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Sociobiologist Rebecca Costa on "The Watchman's Rattle" (Encore Presentation)

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Whether it's the endless instability of the Middle East or the vexing reality of climate change or understanding Wall Street's complex economics, life today is getting ever-more complex. How will this complexity ultimately affect society? What happens when life becomes literally too complicated for human beings? On this encore edition of ST, we listen back to an interesting discussion with an expert on these matters. Our guest is Rebecca Costa, a sociobiologist who says our knowledge of daily events and realities is expanding faster than our brains' ability to process that information.  Costa is the author of "The Watchman's Rattle: A Radical New Theory of Collapse," which examines certain historic civilizations and how they fell apart in the past; the book finds commonalities between those cultures and ours today. Ancient Mayan, Khmeri, and Roman culture were all plagued by gridlock between political factions, and also by societal complexities stemming from not understanding the difference between empirical facts and unproven beliefs. Sound familiar? A fresh and far-ranging thinker who's been likened to Malcolm Gladwell, Costa strives to offer super memes to combat society's growing complexity and complications. We spoke with her just before a pair of talks she gave here at TU earlier this year.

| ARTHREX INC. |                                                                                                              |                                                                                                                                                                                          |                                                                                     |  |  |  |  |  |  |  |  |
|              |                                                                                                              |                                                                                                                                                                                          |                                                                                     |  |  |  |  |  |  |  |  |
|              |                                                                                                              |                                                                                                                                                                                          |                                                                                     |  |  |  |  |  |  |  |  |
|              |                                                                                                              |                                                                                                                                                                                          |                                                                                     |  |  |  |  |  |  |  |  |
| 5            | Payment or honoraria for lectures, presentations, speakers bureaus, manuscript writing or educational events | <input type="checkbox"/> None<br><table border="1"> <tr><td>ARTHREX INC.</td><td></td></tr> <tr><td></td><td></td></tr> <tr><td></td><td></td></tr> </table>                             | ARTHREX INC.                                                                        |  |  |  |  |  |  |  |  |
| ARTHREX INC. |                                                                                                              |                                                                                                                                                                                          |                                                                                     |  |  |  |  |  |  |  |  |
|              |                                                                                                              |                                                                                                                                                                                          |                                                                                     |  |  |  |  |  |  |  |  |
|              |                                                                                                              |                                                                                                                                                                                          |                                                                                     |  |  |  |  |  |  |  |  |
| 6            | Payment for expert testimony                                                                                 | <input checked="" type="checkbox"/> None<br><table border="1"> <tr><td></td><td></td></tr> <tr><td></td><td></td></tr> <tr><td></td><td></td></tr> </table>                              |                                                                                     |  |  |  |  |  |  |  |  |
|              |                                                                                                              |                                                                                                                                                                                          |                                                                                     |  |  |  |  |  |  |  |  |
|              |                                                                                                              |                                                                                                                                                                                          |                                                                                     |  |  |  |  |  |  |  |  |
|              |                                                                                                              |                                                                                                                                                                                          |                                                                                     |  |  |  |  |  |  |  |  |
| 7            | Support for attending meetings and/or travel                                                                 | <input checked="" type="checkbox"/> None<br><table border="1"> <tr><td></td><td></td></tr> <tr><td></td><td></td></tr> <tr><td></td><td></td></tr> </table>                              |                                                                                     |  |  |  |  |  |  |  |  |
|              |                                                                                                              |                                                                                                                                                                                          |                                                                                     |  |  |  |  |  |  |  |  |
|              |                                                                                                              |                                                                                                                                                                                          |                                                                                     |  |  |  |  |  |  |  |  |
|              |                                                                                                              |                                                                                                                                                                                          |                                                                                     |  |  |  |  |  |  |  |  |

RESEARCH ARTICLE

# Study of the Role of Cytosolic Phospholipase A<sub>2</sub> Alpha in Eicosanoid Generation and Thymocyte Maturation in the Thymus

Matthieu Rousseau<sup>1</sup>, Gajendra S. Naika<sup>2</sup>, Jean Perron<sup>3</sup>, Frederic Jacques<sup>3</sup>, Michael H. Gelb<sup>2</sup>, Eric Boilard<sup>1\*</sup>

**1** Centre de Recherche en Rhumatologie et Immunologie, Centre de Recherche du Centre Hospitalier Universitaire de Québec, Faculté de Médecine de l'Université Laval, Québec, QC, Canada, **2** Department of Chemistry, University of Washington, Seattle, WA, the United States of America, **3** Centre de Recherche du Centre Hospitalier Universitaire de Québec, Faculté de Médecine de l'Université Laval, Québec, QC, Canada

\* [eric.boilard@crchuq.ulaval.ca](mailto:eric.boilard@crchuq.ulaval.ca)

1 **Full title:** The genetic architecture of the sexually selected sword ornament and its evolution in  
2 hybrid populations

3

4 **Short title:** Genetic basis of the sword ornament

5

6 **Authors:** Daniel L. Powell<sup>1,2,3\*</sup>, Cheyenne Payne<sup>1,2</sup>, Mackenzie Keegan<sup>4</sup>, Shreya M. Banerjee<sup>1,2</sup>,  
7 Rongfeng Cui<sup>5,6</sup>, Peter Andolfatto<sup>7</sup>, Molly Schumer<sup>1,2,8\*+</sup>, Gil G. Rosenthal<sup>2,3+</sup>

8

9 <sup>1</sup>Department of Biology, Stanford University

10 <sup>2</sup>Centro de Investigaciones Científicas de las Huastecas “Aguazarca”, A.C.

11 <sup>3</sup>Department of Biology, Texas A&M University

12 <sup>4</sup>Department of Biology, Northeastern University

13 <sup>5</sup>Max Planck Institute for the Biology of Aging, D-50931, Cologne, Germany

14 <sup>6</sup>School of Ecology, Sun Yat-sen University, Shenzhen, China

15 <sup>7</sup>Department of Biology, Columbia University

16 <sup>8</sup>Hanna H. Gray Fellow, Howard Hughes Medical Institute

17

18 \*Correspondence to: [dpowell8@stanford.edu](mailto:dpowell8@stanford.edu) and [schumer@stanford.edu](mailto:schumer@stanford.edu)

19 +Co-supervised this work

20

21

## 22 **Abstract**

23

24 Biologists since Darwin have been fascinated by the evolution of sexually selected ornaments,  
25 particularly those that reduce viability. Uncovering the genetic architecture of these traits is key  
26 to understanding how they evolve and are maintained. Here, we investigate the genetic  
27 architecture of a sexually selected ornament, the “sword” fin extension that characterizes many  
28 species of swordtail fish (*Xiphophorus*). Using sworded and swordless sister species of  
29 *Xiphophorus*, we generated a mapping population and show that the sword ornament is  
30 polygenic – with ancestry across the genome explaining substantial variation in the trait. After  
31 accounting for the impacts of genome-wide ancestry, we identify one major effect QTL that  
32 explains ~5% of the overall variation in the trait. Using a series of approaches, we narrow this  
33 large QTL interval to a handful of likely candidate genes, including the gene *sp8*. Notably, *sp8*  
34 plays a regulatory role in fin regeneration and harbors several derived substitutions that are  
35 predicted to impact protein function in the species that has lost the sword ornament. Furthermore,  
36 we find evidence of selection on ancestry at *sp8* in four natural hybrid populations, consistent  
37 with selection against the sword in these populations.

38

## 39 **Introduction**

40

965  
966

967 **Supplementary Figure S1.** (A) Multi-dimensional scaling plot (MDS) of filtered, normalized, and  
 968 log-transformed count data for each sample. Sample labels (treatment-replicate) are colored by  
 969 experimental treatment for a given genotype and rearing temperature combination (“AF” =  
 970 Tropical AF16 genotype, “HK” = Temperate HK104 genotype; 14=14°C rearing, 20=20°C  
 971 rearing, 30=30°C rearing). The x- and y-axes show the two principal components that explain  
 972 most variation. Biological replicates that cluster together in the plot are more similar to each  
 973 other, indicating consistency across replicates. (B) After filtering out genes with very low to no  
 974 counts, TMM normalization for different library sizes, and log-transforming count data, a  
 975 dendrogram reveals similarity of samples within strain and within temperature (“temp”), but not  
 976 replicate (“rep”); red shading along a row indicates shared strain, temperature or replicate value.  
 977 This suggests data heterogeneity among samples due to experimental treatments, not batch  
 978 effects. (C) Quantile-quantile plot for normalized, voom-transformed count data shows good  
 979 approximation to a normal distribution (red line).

Rich Fisher passed through KWGS about thirty years ago, and just never left. Today, he is the general manager of Public Radio Tulsa, and the host of KWGS’s public affairs program, StudioTulsa, which celebrated its twentieth anniversary in August 2012 . As host of StudioTulsa, Rich has conducted roughly four thousand long-form interviews with local, national, and international figures in the arts, humanities, sciences, and government. Very few interviews have gone smoothly. Despite this, he has been honored for his work by several organizations including the Governor's Arts Award for Media by the State Arts Council, a Harwelden Award from the Arts & Humanities Council of Tulsa, and was named one of the “99 Great Things About Oklahoma” in 2000 by Oklahoma Today magazine.
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